Monday, March 20, 2023

Tuft Luck Part Deux

Horned Lark Eremophila alpestris

Tufted Titmouse Baeolophus bicolour

Red-bellied Woodpecker Melanerpes carolinus

Snow Goose Chen caerulescens

Tufted Duck Aythya fuligula
(left foreground)

Horned Lark habitat

Waterfowl spot

Being blasted by living winds atop a slippery garbage
heap overlooking a sewage plant?
Birder's delight.

March 19, 2023, Rang de la Barbotte, Lacolle
  Headed down towards the US border with George and the gang, a bit further south of last year's Tufted Twitch. Was quite cold and blustery out – winter’s last breath. The day wasn’t super conducive to photography, with dull light for most of the day. We found a line of tripod dudes along the small road outside of Lacolle, across from where hundreds of waterfowl drifted in the river. The star attractions were a Tufted Duck, as well as an apparent Tufted X Scaup hybrid.

  Tens of thousands of Snow Geese clouded the horizon through the trees, after several shotgun blasts were heard. Is it even hunting season yet? Oh well, I almost never argue with guys brandishing shotguns.

  Cruising around wind-tormented farm fields in search of the ‘field three,’ we found plenty of Horned Larks, but no sign of the Lapland Longspurs or Snow Buntings folks were seeing in the area. Horned Larks are lovely birds - they look chunky in flight, probably because of their relatively large wings.

  Spring will soon be upon us! Warblers, old world and new, are winging north at this very moment. I'm hoping to be confused by both this spring. Should be fun.

Saturday, February 25, 2023

Three nerds, three toes

Pine Grosbeak Pinicola enucleator

Does this hat make me look floofy?

Walkway to the poorhouse

Treetop tourist trap tower
(Say that three times fast)

I bet that hotel was a great place to get into bar fights in the 1970s

February 25, 2023, Parc écotouristique de la MRC des Laurentides
  Went up north with George and Anthony for a nosy around a spot near Tremblant. Some dude lucked into a Three-toed Woodpecker there the other day, probably in the damn parking lot. The location was a tourist-trappy ‘raised walking platform through the treetops’ thing – please enter through the gift shop. We avoided the platform, and the outrageous $30 per head entry fee, and opted for the lovely (and free) trails, which were a whole 20 feet below the walkway. It was ‘heat packs in gloves and boots’ cold up there, but mercifully, there was not a puff of wind in the hills.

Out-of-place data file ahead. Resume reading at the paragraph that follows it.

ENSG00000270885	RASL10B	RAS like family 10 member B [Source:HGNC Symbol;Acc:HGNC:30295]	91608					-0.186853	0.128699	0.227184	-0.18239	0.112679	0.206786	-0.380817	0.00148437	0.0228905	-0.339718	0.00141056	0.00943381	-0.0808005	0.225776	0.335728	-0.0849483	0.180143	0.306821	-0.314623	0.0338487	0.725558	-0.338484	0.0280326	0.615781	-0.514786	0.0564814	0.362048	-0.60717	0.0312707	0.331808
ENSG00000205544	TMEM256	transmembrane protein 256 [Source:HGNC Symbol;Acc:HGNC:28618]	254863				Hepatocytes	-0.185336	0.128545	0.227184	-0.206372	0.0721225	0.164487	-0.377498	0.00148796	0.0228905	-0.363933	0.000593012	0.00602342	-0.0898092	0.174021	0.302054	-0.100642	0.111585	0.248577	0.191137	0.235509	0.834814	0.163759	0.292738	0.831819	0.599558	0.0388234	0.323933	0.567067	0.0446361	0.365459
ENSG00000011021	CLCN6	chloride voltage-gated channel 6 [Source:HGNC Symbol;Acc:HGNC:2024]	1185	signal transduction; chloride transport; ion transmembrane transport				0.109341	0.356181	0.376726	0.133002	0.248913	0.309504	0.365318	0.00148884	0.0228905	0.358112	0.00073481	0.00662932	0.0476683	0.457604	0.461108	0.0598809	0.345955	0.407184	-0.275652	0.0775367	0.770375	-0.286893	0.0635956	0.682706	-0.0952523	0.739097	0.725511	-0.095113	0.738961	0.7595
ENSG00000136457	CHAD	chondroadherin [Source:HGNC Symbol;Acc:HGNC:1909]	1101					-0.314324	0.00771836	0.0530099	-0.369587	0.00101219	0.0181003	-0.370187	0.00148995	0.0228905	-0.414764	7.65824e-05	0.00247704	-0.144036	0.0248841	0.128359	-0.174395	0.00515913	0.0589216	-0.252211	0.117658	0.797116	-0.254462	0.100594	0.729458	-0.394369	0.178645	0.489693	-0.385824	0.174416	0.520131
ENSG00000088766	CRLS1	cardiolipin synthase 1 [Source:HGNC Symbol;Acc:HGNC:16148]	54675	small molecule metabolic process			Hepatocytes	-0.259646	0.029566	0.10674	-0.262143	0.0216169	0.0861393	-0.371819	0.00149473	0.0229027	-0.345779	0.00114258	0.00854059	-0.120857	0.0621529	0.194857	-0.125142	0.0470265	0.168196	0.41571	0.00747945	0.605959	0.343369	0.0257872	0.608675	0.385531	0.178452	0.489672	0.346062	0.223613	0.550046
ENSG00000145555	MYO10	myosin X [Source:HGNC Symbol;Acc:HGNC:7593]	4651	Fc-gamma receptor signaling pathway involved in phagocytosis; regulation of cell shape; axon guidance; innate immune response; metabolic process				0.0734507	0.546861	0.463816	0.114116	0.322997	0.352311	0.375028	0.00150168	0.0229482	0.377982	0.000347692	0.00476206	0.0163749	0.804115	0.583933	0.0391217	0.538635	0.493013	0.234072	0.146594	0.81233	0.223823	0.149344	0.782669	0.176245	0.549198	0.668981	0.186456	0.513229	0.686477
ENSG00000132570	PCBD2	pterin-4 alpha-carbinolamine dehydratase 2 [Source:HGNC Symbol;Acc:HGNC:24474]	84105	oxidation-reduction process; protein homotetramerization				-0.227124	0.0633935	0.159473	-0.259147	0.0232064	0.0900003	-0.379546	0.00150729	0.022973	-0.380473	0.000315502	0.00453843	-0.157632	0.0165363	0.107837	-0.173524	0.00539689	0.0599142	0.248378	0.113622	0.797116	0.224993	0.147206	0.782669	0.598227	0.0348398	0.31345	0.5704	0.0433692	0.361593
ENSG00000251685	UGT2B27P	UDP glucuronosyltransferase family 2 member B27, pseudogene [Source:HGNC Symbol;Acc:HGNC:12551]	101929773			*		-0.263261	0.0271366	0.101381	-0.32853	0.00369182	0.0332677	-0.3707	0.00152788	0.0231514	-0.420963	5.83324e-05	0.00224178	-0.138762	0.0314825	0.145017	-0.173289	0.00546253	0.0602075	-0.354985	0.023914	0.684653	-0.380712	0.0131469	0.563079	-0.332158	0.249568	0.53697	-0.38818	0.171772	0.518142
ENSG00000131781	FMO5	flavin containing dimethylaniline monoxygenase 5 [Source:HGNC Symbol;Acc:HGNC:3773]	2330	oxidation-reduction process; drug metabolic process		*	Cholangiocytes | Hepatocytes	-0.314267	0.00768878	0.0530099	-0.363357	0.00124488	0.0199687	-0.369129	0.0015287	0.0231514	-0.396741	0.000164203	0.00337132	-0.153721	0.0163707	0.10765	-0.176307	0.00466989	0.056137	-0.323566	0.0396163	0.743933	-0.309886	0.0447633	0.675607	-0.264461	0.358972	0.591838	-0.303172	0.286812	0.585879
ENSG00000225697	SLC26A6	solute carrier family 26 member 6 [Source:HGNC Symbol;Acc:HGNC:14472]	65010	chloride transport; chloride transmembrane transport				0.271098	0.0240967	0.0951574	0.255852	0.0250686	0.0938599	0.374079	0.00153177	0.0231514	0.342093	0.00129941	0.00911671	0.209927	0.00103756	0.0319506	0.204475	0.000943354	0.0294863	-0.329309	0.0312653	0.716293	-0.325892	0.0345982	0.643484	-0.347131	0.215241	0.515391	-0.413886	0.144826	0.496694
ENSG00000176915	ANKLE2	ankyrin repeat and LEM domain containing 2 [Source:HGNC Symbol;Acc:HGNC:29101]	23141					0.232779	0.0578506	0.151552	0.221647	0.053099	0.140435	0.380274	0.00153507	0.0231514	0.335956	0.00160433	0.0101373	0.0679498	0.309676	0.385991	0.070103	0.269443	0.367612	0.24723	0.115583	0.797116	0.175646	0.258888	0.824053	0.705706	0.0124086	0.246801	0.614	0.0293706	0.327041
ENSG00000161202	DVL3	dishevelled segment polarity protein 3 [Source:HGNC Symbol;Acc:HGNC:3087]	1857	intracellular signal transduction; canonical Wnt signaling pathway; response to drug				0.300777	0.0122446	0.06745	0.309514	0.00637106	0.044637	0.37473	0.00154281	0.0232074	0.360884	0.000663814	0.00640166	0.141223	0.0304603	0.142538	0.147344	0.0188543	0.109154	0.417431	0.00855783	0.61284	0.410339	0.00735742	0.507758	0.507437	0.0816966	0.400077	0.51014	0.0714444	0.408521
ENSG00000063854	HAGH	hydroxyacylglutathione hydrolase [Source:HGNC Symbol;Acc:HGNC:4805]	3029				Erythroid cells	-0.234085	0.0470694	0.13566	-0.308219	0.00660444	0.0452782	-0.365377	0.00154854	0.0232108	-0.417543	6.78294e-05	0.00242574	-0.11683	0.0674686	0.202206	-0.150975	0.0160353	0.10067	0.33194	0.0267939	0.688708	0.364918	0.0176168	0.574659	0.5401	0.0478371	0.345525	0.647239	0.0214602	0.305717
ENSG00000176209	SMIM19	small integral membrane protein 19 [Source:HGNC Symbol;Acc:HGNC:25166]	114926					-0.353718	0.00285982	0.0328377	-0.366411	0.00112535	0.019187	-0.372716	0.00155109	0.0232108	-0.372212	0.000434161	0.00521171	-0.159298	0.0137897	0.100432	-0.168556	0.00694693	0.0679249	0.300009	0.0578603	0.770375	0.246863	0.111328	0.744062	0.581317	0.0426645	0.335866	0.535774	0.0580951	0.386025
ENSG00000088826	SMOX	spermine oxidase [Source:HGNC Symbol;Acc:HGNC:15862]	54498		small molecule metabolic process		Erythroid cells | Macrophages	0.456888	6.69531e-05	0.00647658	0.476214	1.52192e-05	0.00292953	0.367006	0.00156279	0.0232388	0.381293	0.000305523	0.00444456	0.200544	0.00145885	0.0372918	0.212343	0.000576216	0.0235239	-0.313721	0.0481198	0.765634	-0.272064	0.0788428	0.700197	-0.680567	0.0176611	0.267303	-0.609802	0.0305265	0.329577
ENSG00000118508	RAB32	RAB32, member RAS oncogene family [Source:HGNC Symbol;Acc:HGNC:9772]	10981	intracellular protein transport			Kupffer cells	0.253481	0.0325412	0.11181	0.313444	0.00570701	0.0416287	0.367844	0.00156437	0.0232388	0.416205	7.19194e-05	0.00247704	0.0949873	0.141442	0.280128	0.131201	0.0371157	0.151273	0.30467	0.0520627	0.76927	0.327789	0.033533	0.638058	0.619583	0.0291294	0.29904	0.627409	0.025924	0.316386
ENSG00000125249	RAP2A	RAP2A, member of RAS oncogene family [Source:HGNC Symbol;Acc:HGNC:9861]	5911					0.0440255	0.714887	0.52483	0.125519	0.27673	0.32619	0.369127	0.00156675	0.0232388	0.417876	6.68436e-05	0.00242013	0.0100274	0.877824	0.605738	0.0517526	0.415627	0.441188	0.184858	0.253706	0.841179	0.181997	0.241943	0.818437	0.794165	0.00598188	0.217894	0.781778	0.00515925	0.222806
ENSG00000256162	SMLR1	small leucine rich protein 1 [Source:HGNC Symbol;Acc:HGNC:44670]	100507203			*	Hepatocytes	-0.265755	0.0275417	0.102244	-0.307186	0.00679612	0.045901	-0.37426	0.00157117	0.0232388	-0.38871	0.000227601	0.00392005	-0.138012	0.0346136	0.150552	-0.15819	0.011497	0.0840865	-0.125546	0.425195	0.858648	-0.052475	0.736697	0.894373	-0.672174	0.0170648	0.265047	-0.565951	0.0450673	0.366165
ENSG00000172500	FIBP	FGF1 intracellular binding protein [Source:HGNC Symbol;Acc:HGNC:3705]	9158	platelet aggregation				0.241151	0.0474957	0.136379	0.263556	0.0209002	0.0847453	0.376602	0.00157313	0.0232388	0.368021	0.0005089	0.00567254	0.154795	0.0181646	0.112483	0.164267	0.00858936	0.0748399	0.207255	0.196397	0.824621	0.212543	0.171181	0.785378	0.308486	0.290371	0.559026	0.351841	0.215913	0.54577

There was loads of great Three-toed habitat along the trails, and plenty of evidence of recent bark stripping, but alas, no luck with the target bird. No doubt we walked right under a few, as they’re a quiet, unobtrusive species that is surely often overlooked. It was worth a shot, eh. Was nice to get up into the boreal cold with some fellow bird nerds, of course, and as always.

  We tallied a grand total of four species (single-digit numbers of Hairy Woodpecker, Common Raven, Black-capped Chickadee, and Pine Grosbeak), with American Crows and Wild Turkeys spotted on the ride. The Pine Grosbeaks afforded lovely close looks, as they fed on crab apples next to the parking lot. When I glimpsed the barred grey wing, chunky grey body, and long-looking tail, I yelped “Mockingbird!” before I could take it back. Oops. Oddly enough, a Northern Mockingbird was spotted in the exact same tree a couple of weeks ago. Cue X-Files theme music.

Wednesday, February 1, 2023

Gimpo then and now

My original picture from 2005

Google street view 2015

Google street view 2018

My original picture from 2005

Google street view 2015

Google street view 2018

  Plus ça change, plus ça change. Things happen fast in Korea (Bballi bballi!). I mentioned a few years ago that when I returned to Gimpo in 2018/19, the landscape, both urban and rural, was no longer recognizable as the place I lived in 2005-2006. Not a single thing was in its place anymore.

  One of my favourite walks during my first year in Korea was a narrow country road that wended its way around the contours of a valley. The valley had been used for farming for generations. There were old (100 years old at least) farmhouses settling into the landscape, and moss-covered grave markers on every hill. I had many early birding firsts in this valley of the morning calm. It’s the place I identified, with my Cracker Jack binoculars and fresh “Birds of Korea” field guide, my first Brown-eared Bulbul, Vinous-throated Parrotbill, Black-naped Oriole, and Oriental Dollarbird, among many other common Korean birds.

  I walked the old back road that connected Gimpo and Incheon many times, as it was the quickest way (30 minute walk) to get to and from a friend’s place. I randomly tried to walk the same road using Google Maps the other day, and was surprised, yet not surprised at all, to discover big changes had occurred since 2005. The only two years available on street view were 2015 and 2018. In 2015, there was evidence of massive clearances along the road, with farmhouses and plots being ploughed under, and many of the ancillary buildings along the road being demolished.